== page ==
Swarovski Strategy Pivot Debuts – The 126-year-old Austrian crystal company, Swarovski, has begun operations. In this case, the statutory regulations relate to certain groups of goods, causing confusion from both the business actor’s and consumer’s point of view. Even the industry sometimes has difficulty differentiating between Swarovski Consumer, Atelier Swarovski, Swarovski Elements and Daniel Swarovski.

Swarovski Strategy Pivot Debuts

Swarovski Strategy Pivot Debuts

swarovskijewelry – Appointing fashion designer Giovanna Engelbert (née Battaglia) as the brand’s creative director and elevating Robert Buchbauer from president and head of the consumer goods division to CEO, the family company, a global leader in fashion crystals, brings unity. Swarovski name product line.

At an embargoed press preview last month, journalists and editors were given an overview of the new collections under Engelbert and a glimpse into the company’s future. Last April, WWD reported that Nadja Swarovski, who is the face of the brand responsible for Atelier Swarovski and much of the brand’s philanthropy, was effectively relieved of her duties. Therefore, there are challenges in restructuring a growing and fragmented business.

However, if the changes ultimately come to fruition, it could only mean a healthier future for the sparkling crystal brand. The brand plans to revamp its website on April 1 to support Engelbert’s new vision and first collection. He also manages the design of selected flagship stores. Additionally, existing collections such as Atelier that follow the previous approach will eventually be phased out.

I recently interviewed Engelbert and Buchbauer about what to expect from Swarovski’s bright new future.

Giovanna Engelbert, Creative Director

First, I’d love to hear about your relationship with jewelry. How has that shaped your style? Can you share an anecdote or early memory about jewelry?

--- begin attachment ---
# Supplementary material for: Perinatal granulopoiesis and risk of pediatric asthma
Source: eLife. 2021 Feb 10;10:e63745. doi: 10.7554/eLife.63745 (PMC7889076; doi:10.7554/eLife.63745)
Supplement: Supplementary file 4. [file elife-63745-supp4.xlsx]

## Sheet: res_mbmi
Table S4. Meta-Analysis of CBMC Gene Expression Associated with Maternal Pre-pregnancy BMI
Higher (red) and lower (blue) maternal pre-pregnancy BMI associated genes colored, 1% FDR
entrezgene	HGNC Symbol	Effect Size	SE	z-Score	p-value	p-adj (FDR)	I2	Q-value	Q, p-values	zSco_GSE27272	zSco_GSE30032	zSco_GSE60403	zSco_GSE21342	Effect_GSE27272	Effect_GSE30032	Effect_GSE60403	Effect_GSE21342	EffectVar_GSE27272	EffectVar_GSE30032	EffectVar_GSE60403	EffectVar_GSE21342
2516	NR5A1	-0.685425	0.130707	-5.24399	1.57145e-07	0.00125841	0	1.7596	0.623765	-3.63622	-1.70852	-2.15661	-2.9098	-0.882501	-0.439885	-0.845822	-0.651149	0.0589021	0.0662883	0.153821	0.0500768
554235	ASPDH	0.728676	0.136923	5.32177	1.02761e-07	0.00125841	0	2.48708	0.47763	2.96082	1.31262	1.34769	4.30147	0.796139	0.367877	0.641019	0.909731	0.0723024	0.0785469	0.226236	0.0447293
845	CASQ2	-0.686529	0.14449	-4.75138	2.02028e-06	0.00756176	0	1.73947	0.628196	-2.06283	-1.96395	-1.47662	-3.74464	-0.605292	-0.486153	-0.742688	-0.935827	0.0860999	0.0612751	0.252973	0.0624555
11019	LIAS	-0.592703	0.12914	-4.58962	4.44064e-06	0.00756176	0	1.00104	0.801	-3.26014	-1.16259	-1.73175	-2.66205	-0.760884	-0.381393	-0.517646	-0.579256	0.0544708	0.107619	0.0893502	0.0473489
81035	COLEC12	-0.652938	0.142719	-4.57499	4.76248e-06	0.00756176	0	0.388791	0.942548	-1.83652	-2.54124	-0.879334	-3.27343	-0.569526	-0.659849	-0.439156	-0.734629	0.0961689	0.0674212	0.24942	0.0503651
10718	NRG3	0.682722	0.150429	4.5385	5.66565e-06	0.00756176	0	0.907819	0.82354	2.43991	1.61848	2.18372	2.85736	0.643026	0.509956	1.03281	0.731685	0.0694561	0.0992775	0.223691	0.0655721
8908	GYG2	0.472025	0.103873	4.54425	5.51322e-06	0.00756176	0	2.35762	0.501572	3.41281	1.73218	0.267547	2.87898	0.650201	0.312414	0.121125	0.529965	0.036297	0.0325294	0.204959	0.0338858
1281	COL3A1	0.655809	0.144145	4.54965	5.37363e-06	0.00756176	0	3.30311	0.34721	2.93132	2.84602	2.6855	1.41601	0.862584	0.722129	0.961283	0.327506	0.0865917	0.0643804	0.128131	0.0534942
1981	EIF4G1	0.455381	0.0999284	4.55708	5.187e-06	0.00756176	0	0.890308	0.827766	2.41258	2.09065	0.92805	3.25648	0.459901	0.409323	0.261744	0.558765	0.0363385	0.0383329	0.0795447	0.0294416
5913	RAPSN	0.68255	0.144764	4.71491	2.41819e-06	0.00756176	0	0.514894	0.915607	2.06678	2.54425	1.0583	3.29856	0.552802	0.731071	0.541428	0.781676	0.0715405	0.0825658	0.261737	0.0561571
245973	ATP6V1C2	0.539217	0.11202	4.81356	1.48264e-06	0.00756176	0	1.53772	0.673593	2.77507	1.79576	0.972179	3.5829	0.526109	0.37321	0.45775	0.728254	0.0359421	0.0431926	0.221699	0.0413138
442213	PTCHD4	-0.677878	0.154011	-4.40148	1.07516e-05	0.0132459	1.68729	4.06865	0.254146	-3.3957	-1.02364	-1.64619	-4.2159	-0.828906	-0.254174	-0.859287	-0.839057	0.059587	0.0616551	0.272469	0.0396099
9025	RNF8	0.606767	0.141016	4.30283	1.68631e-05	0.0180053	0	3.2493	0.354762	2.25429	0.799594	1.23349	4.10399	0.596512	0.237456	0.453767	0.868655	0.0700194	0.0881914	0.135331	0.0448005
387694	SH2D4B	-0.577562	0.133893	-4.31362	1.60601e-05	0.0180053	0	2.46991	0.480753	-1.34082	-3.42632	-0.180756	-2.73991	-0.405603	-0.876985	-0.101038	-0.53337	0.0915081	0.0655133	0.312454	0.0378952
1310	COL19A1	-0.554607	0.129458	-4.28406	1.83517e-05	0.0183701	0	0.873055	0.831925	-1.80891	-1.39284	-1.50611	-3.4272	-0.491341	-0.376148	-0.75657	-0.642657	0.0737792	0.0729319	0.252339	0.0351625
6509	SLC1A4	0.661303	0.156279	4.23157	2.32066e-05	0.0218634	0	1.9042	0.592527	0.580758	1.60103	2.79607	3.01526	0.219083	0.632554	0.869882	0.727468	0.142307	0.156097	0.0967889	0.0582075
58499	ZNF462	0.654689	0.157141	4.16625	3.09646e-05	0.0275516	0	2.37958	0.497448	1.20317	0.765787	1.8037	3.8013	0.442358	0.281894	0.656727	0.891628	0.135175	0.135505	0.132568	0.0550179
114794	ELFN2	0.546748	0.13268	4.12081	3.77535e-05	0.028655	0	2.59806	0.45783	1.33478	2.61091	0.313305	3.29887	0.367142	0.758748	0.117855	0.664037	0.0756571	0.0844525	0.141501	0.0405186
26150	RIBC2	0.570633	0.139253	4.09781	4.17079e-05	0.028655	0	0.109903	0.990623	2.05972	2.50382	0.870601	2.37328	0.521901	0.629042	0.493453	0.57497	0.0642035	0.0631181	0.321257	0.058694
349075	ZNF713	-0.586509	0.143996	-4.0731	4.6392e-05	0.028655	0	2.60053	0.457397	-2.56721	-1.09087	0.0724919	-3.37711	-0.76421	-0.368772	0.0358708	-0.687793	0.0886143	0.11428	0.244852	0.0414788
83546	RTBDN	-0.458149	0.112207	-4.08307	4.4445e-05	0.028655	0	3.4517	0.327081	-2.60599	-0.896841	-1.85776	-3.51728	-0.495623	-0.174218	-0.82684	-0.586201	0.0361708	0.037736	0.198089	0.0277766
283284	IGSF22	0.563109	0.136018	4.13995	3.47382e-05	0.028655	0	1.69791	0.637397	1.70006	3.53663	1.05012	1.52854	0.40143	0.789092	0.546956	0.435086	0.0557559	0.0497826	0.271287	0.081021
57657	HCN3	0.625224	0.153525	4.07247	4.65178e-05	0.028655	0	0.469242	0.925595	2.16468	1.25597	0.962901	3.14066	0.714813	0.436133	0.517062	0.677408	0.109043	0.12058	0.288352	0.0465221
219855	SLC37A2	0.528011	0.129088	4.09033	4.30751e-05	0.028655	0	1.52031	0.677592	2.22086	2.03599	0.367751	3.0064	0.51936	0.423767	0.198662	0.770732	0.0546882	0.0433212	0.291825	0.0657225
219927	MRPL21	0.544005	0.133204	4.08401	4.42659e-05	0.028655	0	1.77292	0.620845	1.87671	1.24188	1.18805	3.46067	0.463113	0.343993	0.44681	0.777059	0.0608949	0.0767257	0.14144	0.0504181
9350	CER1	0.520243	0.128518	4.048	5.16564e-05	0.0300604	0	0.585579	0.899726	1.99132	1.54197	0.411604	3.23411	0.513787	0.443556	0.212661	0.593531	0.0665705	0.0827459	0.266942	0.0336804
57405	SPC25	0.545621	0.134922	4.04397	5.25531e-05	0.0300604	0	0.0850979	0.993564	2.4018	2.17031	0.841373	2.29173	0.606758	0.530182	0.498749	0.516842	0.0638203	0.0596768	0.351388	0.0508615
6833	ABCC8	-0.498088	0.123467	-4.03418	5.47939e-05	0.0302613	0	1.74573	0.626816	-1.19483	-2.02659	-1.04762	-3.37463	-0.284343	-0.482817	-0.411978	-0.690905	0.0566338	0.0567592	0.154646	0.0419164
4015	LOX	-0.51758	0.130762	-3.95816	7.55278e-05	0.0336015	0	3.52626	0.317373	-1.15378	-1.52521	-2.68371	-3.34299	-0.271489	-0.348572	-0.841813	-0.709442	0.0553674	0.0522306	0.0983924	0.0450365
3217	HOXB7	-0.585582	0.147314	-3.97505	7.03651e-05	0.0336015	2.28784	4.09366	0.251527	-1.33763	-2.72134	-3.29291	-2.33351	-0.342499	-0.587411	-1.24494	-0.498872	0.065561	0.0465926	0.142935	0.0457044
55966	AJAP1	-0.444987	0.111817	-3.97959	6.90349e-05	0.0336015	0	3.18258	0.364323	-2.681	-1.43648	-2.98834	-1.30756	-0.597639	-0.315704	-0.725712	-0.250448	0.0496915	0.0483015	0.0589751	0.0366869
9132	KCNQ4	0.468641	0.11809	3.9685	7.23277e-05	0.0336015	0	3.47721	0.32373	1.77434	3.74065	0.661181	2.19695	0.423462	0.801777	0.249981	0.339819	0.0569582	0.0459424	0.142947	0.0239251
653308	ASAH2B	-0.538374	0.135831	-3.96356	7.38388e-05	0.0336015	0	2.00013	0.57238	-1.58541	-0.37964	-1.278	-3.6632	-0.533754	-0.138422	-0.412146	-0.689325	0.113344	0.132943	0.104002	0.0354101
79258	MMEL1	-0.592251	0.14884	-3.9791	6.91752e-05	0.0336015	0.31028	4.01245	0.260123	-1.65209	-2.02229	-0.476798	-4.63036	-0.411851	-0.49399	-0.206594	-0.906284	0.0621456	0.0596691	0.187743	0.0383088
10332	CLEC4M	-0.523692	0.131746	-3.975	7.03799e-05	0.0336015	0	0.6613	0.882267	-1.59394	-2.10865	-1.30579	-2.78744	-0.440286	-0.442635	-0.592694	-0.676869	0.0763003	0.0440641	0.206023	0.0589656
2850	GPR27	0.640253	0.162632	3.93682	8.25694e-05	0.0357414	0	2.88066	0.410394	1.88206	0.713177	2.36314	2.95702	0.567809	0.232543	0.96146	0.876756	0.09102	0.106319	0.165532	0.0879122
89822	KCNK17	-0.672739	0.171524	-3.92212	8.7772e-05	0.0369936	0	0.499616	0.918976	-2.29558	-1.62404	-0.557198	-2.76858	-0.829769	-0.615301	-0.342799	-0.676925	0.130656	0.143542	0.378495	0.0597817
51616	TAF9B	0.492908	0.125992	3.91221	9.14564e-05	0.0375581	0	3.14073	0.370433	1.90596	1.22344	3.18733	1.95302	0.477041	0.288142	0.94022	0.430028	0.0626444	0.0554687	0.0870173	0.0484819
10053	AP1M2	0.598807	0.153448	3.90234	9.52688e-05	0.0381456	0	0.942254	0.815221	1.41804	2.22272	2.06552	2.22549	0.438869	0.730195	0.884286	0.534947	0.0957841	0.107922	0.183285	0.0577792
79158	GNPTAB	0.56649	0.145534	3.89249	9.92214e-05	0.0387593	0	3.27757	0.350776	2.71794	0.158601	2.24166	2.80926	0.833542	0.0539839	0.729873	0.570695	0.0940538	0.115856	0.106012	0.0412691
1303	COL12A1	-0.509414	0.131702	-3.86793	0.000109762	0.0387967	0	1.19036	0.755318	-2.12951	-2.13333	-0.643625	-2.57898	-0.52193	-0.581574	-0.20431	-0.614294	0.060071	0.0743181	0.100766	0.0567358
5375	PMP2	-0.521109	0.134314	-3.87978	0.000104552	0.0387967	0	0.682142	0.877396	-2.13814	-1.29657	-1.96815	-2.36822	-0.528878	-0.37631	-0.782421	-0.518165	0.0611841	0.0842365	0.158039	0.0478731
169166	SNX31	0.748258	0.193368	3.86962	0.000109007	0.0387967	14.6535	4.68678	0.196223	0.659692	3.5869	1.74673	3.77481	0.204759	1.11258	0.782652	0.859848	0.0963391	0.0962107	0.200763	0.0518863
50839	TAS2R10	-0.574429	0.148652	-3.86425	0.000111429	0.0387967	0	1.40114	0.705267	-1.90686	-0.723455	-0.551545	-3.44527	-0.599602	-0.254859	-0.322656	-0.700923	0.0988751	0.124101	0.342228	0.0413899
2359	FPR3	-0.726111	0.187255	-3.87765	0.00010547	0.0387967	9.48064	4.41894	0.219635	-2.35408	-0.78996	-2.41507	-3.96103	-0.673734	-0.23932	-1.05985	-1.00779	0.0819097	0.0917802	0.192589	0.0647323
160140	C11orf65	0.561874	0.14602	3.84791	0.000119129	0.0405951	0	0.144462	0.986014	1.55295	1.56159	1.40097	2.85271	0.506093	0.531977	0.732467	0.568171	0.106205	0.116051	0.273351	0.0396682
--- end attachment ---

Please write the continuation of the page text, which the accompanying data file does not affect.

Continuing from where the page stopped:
Engelbert: I am a jewelry lover; I love jewelry regardless of material. I have been collecting custom jewelry for years and I admire the NY women of the 50s, 60s and 70s who played with different types of jewelry just for fun. It doesn’t matter if it’s a plastic or ruby ​​bracelet, it’s all about self-expression and fun. I think good jewelry can be worn day or night, casual or glamorous, but it always hits the mark. I want to create songs for the most luxurious parts of ourselves that are waiting to be revealed.

How did you discover Swarovski in your styling career and how does it influence your work?

Engelbert: I have been with Swarovski since 2016 and it is a great honor to become Creative Director – my new role is a natural progression and now encompasses all creative aspects of Swarovski as a whole. But when I look back, all my experiences fall under the umbrella of one discipline: creativity – comprehensively. My work as a consultant allowed me to get to know show business, actors and singers, the fashion industry and finally all my knowledge of the last 20 years and unite it in one soul for Swarovski, a cross-industry and multidisciplinary company.

What was the most interesting thing you learned about crystals – how do they work? What surprised them?

Engelbert: Working with crystals is really fun. This is amazing, amazing material and I remind myself and my team every day. In addition to our Excel spreadsheets, production schedules and technical data, crystals are also amazing and fun. Working with crystals means working with light; You can create so many lights and prisms of these colors. There are endless possibilities with material that is full of emotion, but most importantly, joy. It always brings joy. And that’s actually what keeps me going every day, to be honest with you.

What was your first goal for this first collection?

Engelbert: Gives crystals a cooler and smarter dimension. I wanted to explore the pure beauty of crystals and how their glory is rooted in basic geometric and logical structures. This jewelry does not indicate a person’s wealth, but rather the ability to express oneself in a cool and fun way. Jewelry doesn’t have to be flashy; it can be fun and enjoyable as well as dictate and express our mood. My goal was to create a collection that was bold yet easily wearable. It’s a fun luxury that doesn’t feel forced, but is expressive and original.